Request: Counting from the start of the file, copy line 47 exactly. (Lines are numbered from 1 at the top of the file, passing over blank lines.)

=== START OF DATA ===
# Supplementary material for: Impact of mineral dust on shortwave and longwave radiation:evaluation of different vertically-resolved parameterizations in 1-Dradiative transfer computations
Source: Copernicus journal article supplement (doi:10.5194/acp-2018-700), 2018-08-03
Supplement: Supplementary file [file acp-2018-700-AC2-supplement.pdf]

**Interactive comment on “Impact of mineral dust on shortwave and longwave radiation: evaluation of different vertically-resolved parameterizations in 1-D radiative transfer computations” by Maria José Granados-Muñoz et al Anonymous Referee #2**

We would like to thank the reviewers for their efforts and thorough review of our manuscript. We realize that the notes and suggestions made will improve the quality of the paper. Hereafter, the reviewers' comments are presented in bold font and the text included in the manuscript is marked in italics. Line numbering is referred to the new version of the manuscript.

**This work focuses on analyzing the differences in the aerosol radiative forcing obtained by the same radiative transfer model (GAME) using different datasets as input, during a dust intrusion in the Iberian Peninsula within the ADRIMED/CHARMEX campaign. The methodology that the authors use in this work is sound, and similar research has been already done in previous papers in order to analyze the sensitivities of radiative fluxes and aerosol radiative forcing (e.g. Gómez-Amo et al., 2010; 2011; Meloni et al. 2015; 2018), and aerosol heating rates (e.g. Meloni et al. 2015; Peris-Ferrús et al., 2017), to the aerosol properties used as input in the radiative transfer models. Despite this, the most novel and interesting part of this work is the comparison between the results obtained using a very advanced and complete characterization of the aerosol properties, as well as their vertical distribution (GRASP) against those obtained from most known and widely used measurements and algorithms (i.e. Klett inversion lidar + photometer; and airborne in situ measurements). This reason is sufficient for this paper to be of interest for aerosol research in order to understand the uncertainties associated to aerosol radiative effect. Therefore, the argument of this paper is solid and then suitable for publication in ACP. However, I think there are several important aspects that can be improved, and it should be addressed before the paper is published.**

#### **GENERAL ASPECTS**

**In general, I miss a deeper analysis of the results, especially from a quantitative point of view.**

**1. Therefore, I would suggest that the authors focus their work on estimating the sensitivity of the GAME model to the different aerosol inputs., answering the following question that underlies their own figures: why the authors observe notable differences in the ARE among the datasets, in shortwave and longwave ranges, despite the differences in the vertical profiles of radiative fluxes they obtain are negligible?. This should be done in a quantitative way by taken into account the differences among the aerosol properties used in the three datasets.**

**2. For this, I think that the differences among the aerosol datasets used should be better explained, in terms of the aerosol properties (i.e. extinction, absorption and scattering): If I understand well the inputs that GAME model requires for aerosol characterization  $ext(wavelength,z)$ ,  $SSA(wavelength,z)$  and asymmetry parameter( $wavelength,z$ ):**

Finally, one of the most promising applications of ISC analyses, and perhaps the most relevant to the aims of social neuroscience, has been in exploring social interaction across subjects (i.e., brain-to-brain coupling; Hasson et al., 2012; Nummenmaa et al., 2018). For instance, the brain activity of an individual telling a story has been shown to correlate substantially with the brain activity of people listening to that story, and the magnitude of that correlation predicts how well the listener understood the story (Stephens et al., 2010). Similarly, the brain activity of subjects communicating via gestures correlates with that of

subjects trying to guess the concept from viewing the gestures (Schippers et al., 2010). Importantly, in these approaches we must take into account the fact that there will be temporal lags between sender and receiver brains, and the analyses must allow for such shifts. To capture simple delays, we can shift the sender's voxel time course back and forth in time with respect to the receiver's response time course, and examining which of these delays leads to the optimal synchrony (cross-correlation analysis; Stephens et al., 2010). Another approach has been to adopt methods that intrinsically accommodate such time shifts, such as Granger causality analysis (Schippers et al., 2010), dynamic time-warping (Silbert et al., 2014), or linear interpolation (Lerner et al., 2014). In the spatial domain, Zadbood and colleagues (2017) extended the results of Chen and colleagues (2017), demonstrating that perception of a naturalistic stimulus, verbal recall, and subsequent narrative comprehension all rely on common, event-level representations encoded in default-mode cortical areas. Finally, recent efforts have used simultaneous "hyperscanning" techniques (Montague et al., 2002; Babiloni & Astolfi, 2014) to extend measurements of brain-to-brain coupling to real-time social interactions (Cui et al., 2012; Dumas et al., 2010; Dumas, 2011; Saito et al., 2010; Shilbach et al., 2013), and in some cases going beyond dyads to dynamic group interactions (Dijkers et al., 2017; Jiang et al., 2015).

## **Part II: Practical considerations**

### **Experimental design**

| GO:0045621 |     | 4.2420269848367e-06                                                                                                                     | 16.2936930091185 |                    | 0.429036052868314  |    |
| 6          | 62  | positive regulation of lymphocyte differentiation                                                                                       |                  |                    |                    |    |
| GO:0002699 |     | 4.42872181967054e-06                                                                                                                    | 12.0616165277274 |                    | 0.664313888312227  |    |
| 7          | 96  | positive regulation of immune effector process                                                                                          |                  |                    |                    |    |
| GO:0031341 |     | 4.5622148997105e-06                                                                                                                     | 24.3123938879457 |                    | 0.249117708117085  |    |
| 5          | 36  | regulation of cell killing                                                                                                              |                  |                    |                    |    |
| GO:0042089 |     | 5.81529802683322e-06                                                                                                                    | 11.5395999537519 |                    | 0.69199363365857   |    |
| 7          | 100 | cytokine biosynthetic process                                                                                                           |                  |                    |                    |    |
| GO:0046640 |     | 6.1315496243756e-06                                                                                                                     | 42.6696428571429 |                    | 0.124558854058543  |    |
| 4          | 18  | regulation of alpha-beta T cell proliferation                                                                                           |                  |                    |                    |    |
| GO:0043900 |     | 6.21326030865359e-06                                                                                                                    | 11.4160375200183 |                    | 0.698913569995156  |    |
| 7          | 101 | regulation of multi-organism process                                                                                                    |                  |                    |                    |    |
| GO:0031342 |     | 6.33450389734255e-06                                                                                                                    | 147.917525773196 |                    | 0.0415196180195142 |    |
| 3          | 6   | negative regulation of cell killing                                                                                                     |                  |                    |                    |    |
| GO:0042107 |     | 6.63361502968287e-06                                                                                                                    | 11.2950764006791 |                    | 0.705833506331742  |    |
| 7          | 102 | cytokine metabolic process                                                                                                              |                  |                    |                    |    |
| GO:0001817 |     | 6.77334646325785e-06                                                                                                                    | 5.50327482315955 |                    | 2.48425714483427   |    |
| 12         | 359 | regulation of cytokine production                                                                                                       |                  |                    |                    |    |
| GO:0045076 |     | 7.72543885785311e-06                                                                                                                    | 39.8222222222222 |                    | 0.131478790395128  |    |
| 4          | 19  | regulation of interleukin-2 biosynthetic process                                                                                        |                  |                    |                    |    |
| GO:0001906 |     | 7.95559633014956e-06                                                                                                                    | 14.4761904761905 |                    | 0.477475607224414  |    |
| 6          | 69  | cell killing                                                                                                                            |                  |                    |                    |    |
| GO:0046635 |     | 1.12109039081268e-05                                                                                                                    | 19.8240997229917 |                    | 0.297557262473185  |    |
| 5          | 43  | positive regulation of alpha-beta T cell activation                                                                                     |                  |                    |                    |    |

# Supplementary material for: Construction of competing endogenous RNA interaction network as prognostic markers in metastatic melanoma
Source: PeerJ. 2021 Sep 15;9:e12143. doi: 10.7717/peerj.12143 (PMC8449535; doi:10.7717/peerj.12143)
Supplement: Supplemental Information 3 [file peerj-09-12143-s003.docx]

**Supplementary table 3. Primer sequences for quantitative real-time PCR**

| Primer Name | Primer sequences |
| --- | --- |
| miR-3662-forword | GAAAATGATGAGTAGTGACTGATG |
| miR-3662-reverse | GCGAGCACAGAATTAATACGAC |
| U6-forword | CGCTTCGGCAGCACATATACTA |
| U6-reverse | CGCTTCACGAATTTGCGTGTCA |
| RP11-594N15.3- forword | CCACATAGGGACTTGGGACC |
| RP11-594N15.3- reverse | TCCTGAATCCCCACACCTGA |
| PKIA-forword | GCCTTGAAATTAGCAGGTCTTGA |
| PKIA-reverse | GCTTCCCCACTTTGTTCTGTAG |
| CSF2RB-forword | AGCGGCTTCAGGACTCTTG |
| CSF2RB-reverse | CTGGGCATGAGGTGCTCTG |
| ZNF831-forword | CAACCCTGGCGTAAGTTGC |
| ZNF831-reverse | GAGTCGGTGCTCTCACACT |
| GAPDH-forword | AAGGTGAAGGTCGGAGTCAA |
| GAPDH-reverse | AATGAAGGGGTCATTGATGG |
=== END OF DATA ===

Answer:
| U6-forword | CGCTTCGGCAGCACATATACTA |